Yugoslav Deputy Prime Minister for Foreign Affairs Vuk Draskovic was removed from office late Wednesday afternoon by Prime Minister Momir Bulatovic. His firing comes in the wake of three days of sharp criticism by Draskovic aimed at the Slobodan Milosevic machine.
Draskovic's three days of dissent began Sunday evening, in a live interview on Studio B television, which is controlled by Draskovic's Serbian Renewal Movement. The 52-year-old deputy prime minister told Serbian viewers that they were being lied to by Radio Television Serbia. He criticized terminology often used in RTS broadcasts, such as "criminal NATO aggression."
"Aggression is never friendly," said Draskovic. He told viewers not to deceive themselves in expecting Russia to help Serbia, and ridiculed the importance of the proposed Russian, Yugoslav, Belarus alliance. "Nobody is going to help us," Draskovic said.
Draskovic urged Serbs to face reality: that public opinion had turned against Serbia, and that it was impossible to defeat NATO or the new world order. As a possible solution to the Kosovo crisis, Draskovic said that United Nations troops should be allowed to operate in Kosovo as a peacekeeping force with a security council mandate.
It wasn't immediately clear whether Draskovic was speaking on behalf of his party or the federal government. Then, at a press conference on Tuesday, Draskovic unleashed a torrent of stinging criticism aimed directly at the country's ruling parties, the Serbian Socialist Party (SPS) and the United Yugoslav Left (JUL). "This isn't a war for SPS or JUL," an impassioned Draskovic said. "This is a war for the entire country." He said that the army had showed up at Studio B on Monday evening. "Censors, out from Studio B!" he railed. "Nobody loves this country more than me."
He criticized the "senseless orders" concerning Draconian war-profiteering laws. "People are going to jail for small things, because they had three or four pigs." Nor did he spare local journalists. "Journalists, I accuse you of not being brave. We have the right to speak and criticize."
Yugoslav dissidents thrilled to Draskovic's frank criticism. They hoped it might herald a new realism about the war, and openness to dissent, on the part of the Milosevic government. There were early indications that wasn't the case: News of Draskovic's impassioned news conference, for instance, was noticeably absent from Wednesday's papers. A local journalist said, "We werent allowed to publish it."
At a noon news conference Wednesday, Federal Minister of Information Milan Komnanic said that the Serbian Information Ministry, which is controlled by Vojislav Seselj's Serbian Radical Party, had ordered media to not carry Draskovic's "announcements." And a few hours after that press conference, Draskovic was fired by Bulatovic.
Draskovic accepted his removal with dignity. "As the president of my party, I will continue to fight for defending our state from NATO aggression," he said at a hastily organized evening news conference. "Don't link today's decision with a possible breakdown of national unity. We have our differences, but when it comes to one fact, Kosovo is Serbia, we have no differences. All Serbs are united in protecting our state and I believe we are approaching the days of the end of this aggression against our country," said Draskovic, whose party controls 45 seats in the federal government.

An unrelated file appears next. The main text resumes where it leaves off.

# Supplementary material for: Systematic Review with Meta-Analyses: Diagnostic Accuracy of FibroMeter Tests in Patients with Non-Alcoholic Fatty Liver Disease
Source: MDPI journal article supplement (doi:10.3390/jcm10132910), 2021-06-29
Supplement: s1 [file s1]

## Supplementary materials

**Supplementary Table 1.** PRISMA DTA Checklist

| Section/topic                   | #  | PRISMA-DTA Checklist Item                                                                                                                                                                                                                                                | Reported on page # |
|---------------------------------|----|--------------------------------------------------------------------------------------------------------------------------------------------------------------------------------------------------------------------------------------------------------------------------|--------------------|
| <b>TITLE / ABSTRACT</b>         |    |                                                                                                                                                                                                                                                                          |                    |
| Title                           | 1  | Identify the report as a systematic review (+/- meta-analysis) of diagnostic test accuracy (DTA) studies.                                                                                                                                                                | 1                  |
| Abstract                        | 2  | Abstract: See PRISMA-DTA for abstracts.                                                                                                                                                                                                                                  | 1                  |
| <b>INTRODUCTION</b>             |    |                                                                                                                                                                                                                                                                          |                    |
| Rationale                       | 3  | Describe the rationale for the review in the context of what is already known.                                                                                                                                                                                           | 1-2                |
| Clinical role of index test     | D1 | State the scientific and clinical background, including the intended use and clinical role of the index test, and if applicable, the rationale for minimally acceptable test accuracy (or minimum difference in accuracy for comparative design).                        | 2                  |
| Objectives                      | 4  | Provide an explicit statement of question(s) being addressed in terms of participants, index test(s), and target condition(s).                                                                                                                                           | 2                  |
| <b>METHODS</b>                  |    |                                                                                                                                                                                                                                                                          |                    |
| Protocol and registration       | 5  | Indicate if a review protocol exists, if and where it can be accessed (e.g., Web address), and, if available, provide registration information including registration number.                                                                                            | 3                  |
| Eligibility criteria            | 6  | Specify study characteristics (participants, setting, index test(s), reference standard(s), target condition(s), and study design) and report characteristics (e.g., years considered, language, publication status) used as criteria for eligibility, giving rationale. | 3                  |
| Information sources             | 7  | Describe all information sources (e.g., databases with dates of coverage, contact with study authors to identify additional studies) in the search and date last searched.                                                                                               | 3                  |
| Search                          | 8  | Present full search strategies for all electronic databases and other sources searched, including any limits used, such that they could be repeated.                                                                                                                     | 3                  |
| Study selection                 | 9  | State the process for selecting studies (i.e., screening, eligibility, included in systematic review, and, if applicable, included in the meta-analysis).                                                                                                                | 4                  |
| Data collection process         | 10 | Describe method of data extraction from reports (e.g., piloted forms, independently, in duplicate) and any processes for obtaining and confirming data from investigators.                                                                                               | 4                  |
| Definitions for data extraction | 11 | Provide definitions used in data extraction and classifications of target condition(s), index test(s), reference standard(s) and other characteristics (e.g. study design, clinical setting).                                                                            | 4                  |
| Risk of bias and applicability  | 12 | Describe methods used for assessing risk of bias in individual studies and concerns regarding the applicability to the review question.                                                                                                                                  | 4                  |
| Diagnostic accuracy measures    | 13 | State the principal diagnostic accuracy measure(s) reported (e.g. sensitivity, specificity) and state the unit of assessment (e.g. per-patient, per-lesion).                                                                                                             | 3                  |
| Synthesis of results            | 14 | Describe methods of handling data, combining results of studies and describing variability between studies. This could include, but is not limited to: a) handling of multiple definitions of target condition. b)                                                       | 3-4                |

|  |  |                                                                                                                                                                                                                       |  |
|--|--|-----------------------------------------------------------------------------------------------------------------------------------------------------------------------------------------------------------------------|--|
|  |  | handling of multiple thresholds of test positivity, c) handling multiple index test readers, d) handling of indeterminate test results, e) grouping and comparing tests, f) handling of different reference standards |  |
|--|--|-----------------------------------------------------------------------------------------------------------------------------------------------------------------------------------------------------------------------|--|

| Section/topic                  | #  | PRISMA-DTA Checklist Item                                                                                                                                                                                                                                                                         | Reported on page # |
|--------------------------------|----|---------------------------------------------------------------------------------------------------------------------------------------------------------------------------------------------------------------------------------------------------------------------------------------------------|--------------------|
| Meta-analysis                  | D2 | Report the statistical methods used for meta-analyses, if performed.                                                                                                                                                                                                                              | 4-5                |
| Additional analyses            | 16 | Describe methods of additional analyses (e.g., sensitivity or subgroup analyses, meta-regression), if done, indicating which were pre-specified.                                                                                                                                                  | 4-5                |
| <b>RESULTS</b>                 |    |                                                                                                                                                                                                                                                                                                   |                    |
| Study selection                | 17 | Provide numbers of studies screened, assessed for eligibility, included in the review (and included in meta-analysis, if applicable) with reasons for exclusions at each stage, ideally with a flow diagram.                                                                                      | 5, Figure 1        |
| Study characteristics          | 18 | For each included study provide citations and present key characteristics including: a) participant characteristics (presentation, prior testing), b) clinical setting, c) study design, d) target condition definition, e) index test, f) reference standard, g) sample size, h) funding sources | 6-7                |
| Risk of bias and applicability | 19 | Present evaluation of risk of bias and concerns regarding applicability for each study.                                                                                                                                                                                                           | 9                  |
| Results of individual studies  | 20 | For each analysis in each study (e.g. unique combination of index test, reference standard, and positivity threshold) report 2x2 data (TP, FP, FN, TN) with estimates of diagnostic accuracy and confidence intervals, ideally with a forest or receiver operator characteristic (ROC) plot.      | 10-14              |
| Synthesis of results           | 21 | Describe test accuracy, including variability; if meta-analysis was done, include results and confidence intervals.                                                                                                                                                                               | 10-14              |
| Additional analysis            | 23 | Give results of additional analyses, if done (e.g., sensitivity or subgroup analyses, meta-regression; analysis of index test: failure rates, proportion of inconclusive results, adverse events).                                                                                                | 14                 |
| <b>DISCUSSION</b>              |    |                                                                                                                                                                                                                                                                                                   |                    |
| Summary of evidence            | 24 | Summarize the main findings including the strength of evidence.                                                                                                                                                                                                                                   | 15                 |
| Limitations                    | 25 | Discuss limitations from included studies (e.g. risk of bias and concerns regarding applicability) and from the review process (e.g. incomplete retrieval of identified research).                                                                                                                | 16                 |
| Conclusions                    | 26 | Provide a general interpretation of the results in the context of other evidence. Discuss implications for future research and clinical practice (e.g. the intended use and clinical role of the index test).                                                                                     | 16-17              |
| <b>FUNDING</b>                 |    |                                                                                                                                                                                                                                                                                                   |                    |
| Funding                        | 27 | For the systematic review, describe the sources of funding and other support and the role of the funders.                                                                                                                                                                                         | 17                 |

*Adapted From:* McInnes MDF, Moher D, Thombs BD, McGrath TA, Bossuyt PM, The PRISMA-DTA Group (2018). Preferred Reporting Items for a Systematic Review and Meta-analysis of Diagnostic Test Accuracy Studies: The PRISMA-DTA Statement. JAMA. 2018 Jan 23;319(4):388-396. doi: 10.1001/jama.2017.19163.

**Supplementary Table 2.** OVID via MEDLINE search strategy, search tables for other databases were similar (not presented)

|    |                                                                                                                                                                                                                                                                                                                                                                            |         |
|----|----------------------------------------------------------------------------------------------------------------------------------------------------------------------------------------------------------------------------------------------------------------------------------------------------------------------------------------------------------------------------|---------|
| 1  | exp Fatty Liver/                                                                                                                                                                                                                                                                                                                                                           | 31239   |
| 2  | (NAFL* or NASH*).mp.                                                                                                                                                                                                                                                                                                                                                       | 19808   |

Draskovic, a one-time journalist and prominent novelist, had been a leading opposition figure to Milosevic since 1991, until he joined his government as deputy prime minister last January. Since the onset of war March 24, Draskovic, a moderate nationalist, became an international spokesman for the Serbian cause. Where Milosevic was perceived as a distant, unemotional leader who rarely addressed the public, Draskovic held regular press conferences and spoke from the heart. He advocated inclusion in Europe, as opposed to his political nemesis Seselj, who promoted an isolationist, radical nationalism. Draskovic's removal from office marks a return to his longtime political outsider roots, and will likely restore the credibility he lost when joining the government in January.
In 1991, he led large-scale protests against state-run television, which culminated in the removal of four editors but did not succeed in changing the content of the programming. In 1996, his Zajedno coalition ("Together" in Serbian) won municipal elections across Serbia, which were then overturned by Milosevic. Draskovic emerged as a leader of the protests that shook Serbia for three months and brought the country to a standstill. Demonstrations were held 24 hours a day, and Milosevic was forced to capitulate and reinstate the municipal elections.
But when the elections were reinstated, the opposition movement ran out of steam. SPS and JUL subsequently weakened the power of municipal government, and Draskovic lost a measure of credibility. He lost more in January, when he joined Milosevic's government, which he had criticized as corrupt and ineffectual. But he defended his decision as a strategic one, to work for reform from within. His experiment in working from within was a little over 2 months old when NATO bombing began, and changed the internal dynamics of Yugoslavia permanently. "We came to power to change things, but didn't have a chance," Draskovic said at his Wednesday press conference. Although he threatened to hold street demonstrations if the government took over Studio B, at Wednesday's press conference he said he would not do so.
Those who were encouraged by Draskovic's honesty, and hoped it heralded a new realism about the conflict with NATO within the Milosevic government, are disappointed by his firing. But he has likely regained some of his stature as a top figure of opposition to Milosevic. At the war's end, if Milosevic is removed from power, Draskovic could emerge as a leading political voice in a new Serbia.